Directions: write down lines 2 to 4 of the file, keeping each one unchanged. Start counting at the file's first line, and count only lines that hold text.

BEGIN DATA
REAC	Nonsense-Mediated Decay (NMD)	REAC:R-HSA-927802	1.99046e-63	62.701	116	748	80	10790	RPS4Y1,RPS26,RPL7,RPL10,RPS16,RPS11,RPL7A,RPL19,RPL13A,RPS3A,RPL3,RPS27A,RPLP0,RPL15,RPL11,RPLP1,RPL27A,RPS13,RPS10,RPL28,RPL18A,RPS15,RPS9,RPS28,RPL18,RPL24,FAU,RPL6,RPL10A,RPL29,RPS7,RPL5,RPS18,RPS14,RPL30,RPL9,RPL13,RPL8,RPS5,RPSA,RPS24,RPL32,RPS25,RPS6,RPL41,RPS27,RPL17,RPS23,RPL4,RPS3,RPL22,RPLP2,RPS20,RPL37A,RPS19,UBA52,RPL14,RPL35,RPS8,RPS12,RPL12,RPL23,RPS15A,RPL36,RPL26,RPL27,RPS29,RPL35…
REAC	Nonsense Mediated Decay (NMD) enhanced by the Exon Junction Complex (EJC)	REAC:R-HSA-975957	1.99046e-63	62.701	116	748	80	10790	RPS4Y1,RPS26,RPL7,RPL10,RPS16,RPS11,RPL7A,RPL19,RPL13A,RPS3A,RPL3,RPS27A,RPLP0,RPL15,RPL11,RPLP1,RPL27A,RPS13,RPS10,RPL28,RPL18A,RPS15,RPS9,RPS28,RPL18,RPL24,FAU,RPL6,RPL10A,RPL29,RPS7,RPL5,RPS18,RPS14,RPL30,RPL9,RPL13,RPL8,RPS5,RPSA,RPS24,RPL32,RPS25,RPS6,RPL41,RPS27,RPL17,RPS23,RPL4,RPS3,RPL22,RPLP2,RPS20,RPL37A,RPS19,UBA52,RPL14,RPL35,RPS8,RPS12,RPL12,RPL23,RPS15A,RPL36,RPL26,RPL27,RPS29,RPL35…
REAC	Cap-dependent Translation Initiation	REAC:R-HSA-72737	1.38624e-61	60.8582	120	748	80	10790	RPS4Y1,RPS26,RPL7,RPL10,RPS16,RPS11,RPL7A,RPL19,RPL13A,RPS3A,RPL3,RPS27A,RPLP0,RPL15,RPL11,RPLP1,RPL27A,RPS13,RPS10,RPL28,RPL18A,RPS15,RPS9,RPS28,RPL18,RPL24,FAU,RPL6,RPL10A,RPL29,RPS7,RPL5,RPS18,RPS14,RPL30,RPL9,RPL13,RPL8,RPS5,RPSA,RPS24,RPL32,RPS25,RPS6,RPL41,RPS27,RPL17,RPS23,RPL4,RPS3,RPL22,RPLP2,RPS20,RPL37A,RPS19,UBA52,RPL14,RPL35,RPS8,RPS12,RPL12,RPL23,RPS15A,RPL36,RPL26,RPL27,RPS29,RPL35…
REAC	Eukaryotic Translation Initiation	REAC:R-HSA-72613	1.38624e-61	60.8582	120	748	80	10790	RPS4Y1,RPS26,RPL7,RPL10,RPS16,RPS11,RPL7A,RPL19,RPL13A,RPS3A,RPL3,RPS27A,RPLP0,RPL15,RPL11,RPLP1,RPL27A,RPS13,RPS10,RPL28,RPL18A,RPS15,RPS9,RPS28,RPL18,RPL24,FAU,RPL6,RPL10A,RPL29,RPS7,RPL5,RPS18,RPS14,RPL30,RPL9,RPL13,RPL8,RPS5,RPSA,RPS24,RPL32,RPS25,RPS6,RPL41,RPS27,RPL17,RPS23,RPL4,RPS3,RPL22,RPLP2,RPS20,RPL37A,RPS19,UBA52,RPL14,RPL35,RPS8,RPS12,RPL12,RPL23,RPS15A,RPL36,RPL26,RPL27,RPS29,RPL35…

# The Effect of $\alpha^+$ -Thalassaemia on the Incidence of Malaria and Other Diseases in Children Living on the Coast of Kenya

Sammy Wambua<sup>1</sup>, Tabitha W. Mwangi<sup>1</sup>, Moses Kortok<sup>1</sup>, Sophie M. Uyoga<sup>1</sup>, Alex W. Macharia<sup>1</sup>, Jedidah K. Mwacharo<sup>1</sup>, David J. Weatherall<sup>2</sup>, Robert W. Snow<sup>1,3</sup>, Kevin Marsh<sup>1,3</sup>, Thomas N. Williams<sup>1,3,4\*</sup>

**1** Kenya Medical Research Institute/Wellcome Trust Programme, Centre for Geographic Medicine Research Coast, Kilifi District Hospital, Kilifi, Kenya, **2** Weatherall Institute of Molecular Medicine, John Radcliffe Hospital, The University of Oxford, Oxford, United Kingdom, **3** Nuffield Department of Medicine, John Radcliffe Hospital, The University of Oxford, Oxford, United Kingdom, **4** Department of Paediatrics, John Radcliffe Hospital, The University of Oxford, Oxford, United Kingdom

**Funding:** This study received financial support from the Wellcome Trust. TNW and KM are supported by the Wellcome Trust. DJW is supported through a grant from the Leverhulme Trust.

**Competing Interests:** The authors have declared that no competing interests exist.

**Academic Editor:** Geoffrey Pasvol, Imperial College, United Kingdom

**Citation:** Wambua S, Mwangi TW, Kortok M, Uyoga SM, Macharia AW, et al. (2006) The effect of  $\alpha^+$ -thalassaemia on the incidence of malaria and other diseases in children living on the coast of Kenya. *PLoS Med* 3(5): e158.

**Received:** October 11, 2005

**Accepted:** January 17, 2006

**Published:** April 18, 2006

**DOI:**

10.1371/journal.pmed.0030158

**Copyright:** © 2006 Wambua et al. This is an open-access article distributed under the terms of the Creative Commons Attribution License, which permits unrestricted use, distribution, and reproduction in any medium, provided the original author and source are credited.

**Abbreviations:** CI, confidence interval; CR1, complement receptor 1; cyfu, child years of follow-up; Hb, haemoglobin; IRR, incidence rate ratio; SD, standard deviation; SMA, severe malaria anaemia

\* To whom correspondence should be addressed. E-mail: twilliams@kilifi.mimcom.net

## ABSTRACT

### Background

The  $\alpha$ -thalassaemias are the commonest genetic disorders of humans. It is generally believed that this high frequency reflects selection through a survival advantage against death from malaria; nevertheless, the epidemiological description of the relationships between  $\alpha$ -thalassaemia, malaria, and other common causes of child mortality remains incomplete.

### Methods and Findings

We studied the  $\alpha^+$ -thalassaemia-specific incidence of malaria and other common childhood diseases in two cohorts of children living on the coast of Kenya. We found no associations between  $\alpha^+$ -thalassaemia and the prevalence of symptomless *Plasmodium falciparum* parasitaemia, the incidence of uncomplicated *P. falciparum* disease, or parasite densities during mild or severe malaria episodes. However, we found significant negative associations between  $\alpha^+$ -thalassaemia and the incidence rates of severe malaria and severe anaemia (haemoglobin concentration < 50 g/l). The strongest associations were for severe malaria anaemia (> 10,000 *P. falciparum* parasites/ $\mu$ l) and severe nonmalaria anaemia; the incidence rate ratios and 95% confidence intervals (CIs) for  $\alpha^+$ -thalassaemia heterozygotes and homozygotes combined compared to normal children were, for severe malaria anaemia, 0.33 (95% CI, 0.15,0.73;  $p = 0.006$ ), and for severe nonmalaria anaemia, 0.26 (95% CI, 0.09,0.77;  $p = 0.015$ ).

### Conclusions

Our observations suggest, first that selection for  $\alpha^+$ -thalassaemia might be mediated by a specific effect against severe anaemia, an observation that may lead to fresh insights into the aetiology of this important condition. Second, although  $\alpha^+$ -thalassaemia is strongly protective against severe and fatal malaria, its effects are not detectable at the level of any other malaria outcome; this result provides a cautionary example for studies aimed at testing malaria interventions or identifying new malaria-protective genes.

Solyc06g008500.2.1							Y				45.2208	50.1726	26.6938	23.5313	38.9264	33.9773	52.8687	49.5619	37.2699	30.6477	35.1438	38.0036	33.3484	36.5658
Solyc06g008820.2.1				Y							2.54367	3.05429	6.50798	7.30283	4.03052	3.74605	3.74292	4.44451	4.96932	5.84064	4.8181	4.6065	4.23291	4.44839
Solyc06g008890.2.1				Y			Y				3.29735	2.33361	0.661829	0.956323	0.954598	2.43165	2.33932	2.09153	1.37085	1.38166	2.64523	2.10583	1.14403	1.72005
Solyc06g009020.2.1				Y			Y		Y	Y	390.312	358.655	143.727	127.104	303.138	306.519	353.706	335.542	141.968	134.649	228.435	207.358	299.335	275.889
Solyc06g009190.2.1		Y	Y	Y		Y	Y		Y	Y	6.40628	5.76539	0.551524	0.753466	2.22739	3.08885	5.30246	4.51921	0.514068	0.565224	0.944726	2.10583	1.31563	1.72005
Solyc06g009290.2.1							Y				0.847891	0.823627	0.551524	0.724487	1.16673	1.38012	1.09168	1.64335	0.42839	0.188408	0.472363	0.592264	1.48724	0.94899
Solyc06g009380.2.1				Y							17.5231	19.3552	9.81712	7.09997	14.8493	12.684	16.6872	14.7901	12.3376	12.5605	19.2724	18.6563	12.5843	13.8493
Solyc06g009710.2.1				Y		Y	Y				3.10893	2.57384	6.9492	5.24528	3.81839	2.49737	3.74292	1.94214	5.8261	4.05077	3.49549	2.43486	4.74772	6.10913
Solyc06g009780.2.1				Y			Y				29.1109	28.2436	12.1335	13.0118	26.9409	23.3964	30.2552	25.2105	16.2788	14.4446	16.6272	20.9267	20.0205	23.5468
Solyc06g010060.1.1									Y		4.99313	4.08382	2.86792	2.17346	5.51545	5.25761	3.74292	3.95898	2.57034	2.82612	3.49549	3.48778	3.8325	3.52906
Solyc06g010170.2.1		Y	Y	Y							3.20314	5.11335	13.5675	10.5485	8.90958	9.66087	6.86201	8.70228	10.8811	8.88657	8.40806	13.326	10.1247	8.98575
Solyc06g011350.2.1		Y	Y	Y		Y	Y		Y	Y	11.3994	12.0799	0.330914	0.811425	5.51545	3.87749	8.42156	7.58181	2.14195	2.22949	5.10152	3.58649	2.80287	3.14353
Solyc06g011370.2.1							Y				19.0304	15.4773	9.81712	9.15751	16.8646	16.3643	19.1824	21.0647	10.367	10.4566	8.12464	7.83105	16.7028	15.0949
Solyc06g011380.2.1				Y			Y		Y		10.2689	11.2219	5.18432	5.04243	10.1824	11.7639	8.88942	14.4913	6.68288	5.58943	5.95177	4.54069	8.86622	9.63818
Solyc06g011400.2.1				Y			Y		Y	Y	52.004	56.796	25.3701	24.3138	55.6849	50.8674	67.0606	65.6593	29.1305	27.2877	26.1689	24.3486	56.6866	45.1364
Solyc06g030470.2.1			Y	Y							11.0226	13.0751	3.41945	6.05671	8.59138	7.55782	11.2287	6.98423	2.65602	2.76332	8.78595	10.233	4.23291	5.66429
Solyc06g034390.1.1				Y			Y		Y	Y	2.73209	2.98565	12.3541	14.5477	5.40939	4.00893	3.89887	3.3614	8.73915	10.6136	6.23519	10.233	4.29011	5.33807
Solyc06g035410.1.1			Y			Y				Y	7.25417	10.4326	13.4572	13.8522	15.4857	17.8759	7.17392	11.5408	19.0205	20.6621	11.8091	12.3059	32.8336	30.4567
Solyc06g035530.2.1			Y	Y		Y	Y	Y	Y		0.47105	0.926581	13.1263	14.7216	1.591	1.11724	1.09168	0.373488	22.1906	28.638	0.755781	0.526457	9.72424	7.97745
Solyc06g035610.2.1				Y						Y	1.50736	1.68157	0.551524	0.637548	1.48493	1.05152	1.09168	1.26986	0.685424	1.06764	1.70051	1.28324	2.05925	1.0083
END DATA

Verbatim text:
REAC	Nonsense Mediated Decay (NMD) enhanced by the Exon Junction Complex (EJC)	REAC:R-HSA-975957	1.99046e-63	62.701	116	748	80	10790	RPS4Y1,RPS26,RPL7,RPL10,RPS16,RPS11,RPL7A,RPL19,RPL13A,RPS3A,RPL3,RPS27A,RPLP0,RPL15,RPL11,RPLP1,RPL27A,RPS13,RPS10,RPL28,RPL18A,RPS15,RPS9,RPS28,RPL18,RPL24,FAU,RPL6,RPL10A,RPL29,RPS7,RPL5,RPS18,RPS14,RPL30,RPL9,RPL13,RPL8,RPS5,RPSA,RPS24,RPL32,RPS25,RPS6,RPL41,RPS27,RPL17,RPS23,RPL4,RPS3,RPL22,RPLP2,RPS20,RPL37A,RPS19,UBA52,RPL14,RPL35,RPS8,RPS12,RPL12,RPL23,RPS15A,RPL36,RPL26,RPL27,RPS29,RPL35…
REAC	Cap-dependent Translation Initiation	REAC:R-HSA-72737	1.38624e-61	60.8582	120	748	80	10790	RPS4Y1,RPS26,RPL7,RPL10,RPS16,RPS11,RPL7A,RPL19,RPL13A,RPS3A,RPL3,RPS27A,RPLP0,RPL15,RPL11,RPLP1,RPL27A,RPS13,RPS10,RPL28,RPL18A,RPS15,RPS9,RPS28,RPL18,RPL24,FAU,RPL6,RPL10A,RPL29,RPS7,RPL5,RPS18,RPS14,RPL30,RPL9,RPL13,RPL8,RPS5,RPSA,RPS24,RPL32,RPS25,RPS6,RPL41,RPS27,RPL17,RPS23,RPL4,RPS3,RPL22,RPLP2,RPS20,RPL37A,RPS19,UBA52,RPL14,RPL35,RPS8,RPS12,RPL12,RPL23,RPS15A,RPL36,RPL26,RPL27,RPS29,RPL35…
REAC	Eukaryotic Translation Initiation	REAC:R-HSA-72613	1.38624e-61	60.8582	120	748	80	10790	RPS4Y1,RPS26,RPL7,RPL10,RPS16,RPS11,RPL7A,RPL19,RPL13A,RPS3A,RPL3,RPS27A,RPLP0,RPL15,RPL11,RPLP1,RPL27A,RPS13,RPS10,RPL28,RPL18A,RPS15,RPS9,RPS28,RPL18,RPL24,FAU,RPL6,RPL10A,RPL29,RPS7,RPL5,RPS18,RPS14,RPL30,RPL9,RPL13,RPL8,RPS5,RPSA,RPS24,RPL32,RPS25,RPS6,RPL41,RPS27,RPL17,RPS23,RPL4,RPS3,RPL22,RPLP2,RPS20,RPL37A,RPS19,UBA52,RPL14,RPL35,RPS8,RPS12,RPL12,RPL23,RPS15A,RPL36,RPL26,RPL27,RPS29,RPL35…